Family: Euphorbiaceae

Scientific Name: Ricinus communis 'Zanzibariensis'

Common Name: Zanzibarensis Castor Bean

Description

'Zanzibariensis' Castor Bean (Ricinus communis Zanzibariensis) is an extremely large plant with large palmate leaves. Seeds are extremely toxic. An heirloom plant circa 1870.

Plant TypePerennial Tender, Tender perennials often grown as annuals, Tropical herbaceous plants
Hardiness Zone9-11
Sunlightfull
Moistureaverage
Soil & Siteaverage
Flowerslack petals, found in terminal panicles, male part made of branched filaments found at the base, female flower forms feathery pistils
FruitThe seeds are formed in a spiky fruit. When ripe, the rather large, bean-like seeds will be shot (dehisce) many feet from the pod. Seeds are very ornamental, each having varied patterns of tan and lighter strikes on the brown seed. Has a spongy caruncle at one end of the large seed.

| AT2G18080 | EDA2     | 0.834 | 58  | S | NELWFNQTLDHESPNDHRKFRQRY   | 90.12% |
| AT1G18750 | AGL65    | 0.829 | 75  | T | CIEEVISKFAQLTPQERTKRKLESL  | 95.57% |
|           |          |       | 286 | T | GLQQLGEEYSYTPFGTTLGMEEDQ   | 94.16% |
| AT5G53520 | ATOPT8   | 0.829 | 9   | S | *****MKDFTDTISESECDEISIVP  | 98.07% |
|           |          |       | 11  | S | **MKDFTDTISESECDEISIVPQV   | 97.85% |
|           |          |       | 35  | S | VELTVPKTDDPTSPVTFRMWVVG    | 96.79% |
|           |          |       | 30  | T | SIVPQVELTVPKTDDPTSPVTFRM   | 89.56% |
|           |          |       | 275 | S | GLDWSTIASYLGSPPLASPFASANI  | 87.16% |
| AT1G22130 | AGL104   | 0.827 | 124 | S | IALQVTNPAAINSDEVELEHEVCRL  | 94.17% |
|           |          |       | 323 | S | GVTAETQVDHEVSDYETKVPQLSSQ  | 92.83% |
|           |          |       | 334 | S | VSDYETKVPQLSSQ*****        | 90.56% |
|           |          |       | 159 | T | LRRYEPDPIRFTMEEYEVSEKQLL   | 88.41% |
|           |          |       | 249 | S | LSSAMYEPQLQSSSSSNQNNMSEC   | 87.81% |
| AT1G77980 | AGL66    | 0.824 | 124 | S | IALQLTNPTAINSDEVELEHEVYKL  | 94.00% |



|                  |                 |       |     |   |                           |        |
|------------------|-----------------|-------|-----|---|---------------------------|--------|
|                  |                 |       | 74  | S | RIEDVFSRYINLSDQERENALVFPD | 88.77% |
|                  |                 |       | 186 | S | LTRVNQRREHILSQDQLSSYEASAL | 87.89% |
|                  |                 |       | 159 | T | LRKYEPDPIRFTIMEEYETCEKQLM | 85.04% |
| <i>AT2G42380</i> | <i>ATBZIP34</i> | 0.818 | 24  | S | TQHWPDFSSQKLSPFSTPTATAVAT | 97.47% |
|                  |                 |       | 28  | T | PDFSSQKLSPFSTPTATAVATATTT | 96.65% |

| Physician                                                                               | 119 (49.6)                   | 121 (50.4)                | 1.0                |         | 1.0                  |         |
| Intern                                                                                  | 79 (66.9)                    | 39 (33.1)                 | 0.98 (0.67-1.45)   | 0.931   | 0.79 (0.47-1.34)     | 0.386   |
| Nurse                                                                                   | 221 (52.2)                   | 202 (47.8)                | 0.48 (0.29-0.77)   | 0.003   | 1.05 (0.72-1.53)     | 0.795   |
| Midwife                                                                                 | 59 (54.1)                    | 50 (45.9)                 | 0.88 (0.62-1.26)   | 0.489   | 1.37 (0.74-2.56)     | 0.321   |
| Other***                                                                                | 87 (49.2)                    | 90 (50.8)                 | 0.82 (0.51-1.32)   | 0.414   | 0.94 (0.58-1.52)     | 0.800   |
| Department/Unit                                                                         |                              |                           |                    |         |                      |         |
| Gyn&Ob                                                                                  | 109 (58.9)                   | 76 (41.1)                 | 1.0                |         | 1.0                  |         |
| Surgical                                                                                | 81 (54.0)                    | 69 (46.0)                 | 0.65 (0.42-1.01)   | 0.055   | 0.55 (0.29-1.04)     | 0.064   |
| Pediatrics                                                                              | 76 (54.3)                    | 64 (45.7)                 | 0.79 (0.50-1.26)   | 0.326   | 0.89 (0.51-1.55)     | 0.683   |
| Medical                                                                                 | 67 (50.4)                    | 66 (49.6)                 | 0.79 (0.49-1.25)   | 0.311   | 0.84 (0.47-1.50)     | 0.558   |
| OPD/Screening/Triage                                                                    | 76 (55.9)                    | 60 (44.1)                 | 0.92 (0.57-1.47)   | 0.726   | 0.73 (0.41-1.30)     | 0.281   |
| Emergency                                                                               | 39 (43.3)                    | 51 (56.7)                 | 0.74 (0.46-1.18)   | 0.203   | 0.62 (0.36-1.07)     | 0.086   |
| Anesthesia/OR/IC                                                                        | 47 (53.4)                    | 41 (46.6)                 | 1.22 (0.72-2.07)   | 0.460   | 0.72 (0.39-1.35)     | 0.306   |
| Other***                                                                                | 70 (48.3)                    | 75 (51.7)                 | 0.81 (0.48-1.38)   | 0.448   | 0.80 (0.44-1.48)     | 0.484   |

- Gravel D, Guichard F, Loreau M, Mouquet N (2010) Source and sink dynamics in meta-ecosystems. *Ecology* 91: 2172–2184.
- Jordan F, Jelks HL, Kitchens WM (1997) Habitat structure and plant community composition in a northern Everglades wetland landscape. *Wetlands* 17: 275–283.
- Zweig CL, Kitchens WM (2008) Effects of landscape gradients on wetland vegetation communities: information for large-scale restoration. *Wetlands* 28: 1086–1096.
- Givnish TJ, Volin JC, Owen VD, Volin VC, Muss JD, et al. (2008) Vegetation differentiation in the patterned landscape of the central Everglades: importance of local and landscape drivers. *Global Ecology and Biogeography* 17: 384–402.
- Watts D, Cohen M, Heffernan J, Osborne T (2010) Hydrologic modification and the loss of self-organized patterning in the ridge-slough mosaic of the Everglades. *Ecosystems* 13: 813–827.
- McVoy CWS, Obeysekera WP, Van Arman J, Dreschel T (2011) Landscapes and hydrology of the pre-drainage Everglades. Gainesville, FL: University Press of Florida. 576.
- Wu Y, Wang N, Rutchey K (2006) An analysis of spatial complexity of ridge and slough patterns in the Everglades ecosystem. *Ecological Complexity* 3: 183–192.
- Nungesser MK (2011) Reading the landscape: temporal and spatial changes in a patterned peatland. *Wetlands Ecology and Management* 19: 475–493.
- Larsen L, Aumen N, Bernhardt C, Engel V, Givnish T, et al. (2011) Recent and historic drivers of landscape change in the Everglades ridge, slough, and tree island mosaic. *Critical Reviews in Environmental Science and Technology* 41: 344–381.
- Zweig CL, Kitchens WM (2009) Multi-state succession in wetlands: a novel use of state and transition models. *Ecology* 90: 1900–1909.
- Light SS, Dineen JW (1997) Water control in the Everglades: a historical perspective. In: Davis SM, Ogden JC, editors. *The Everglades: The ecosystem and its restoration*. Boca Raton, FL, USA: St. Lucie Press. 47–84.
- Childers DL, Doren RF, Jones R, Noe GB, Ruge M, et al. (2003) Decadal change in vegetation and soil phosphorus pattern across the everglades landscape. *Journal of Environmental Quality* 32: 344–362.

Leavespalmately lobed, bright green, toothed, and glossy.
Dimensions15 by 15 feet or larger (HS)
Propagationseeds, soaked in water, can be seeded directly or seeded in a peat pot
Native SiteOriginally native to Africa
Misc FactsThe seeds and many other parts of this plant are poisonous but the oil isn't. Castor oil is used in varnish, paints, lamp fuel, lubricant, and as a Snake Oil elixir. The genus name Ricinus comes from the word ricinus which means tick, the appearance of the seed. They do look like large blood swollen Wood Ticks that can be found on animals. During the middle ages, the leaf of this plant was referred to as Palma Christi (the Hand of Christ). The toxin in castor seeds is ricin (RYE-sin)
Author's NotesI have seen this Castor Bean on a few occasions and they are very large.
Notes & Reference#48-Harrowsmiths Annual Garden (Bennett and Forsyth), #51-Armitage's Manual of Annuals, Biennials, and Half-Hardy Perennials (Alan Armitage)
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